Study site and participants
The experiment took place at six bicycle racks on the campus of Newcastle University. We chose bicycle racks as the location for the experiment because three racks had durable signs featuring a large pair of staring eyes (60 x 90 cm) preinstalled on the walls above the racks, apparently looking down over the bicycles (see pictures in ). These signs had been installed approximately 18 months previously as part of an anti-bike theft campaign and additionally bore a verbal message irrelevant to the current study. The other three racks used in the experiment had no signs installed and acted as control locations without images of watching eyes. The control racks were chosen to be similar in size to the racks with eyes. All six bicycle racks were situated near to the entrance of major university buildings that were heavily used by staff and students during the period of the study. All six racks had a litter receptacle in the vicinity, which is important since probability of littering is positively related to the distance from a bin . All locations also had good artificial lighting meaning that visibility of both the signs and other people was maintained after sunset.
The participants in the experiment were all cyclists, and are likely to have been largely students and university staff. They comprised 439 males and 181 females and were all judged to be between the ages of 18 and 40.
Generation of littering opportunity
To create a standardised opportunity to litter, we attached a leaflet to each bicycle parked in the rack at the beginning of each observation period and to any new bicycle that arrived during the observation period. The leaflet was printed in black on white paper and contained suggestions for safe cycling (Figure 2a). It was designed to resemble a genuine flyer that was relevant to bicycle users, but contained no information that might cause the reader to want to keep it. The flyer was attached to the handlebars with an elastic band in such a manner that it would be difficult to move the bicycle without first removing it (Figure 2b). All leaflets still attached to bicycles at the end of each observation period were removed.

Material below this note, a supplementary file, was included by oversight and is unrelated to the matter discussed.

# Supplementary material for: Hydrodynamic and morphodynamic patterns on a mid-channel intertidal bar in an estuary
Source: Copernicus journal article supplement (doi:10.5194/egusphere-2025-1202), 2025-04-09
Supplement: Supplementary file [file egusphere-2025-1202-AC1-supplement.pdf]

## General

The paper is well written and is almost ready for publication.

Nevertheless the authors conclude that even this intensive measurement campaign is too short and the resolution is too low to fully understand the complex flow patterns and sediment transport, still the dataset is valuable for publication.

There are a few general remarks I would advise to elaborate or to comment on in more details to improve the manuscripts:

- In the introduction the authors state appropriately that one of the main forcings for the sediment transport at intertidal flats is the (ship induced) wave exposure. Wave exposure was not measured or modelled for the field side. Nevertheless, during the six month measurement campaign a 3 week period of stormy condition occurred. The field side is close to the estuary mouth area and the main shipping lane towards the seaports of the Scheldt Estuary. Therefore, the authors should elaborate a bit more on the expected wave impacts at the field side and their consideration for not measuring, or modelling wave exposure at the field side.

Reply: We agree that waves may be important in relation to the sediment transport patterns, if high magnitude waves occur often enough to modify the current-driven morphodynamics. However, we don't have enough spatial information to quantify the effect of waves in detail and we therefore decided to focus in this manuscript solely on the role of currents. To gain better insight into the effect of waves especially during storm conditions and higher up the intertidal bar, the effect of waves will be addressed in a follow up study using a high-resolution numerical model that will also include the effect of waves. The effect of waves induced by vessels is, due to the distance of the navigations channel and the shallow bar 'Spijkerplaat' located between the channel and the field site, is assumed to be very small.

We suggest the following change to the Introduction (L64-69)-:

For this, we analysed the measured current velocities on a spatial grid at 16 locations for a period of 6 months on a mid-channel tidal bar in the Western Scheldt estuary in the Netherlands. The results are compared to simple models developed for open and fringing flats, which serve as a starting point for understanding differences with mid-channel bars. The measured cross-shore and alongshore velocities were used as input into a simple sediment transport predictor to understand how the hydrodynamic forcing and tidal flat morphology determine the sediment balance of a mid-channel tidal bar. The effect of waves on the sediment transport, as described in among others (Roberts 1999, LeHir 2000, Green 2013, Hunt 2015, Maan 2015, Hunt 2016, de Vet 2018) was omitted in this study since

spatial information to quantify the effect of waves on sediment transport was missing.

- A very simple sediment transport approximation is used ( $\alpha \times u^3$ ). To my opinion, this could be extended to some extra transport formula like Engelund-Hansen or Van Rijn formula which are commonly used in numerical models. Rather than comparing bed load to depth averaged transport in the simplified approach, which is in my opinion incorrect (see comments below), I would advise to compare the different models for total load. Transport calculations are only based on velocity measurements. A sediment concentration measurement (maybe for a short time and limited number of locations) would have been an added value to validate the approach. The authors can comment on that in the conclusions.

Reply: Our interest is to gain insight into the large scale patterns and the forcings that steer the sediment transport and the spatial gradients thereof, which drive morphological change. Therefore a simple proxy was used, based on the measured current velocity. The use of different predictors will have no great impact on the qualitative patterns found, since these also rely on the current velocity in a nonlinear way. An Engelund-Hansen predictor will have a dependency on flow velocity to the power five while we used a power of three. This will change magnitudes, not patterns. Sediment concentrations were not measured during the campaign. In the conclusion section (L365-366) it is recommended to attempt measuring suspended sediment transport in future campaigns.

(a) The leaflet used, and (b) an example of how the leaflets were attached to the bicycle handlebars.
Manipulation of littering norm
In order to change the perceived descriptive norm for littering we experimentally manipulated the amount of litter present on the ground during our observation periods. At each bicycle rack we had two conditions. In the ‘no litter’ condition we removed all existing litter from between and around the bicycle rack prior to the beginning of each observation period and also at intervals within the period. In the ‘litter’ condition we artificially increased the litter between and around the bicycle rack prior to the beginning of each observation period. The litter we used was comprised of screwed-up and regular leaflets, both the experimental leaflets (see above) and random advertising leaflets (e.g. takeaways, local businesses). It also contained sweet wrappers and empty drinks cans. The litter was scattered randomly around the area of the bike rack; the highest concentration of litter was nearest the centre of the bicycle rack and this decreased in concentration gradually up to approximately 2 m away from the rack in all directions. At the end of each observation period all experimental litter was cleared away.
Data recording and analysis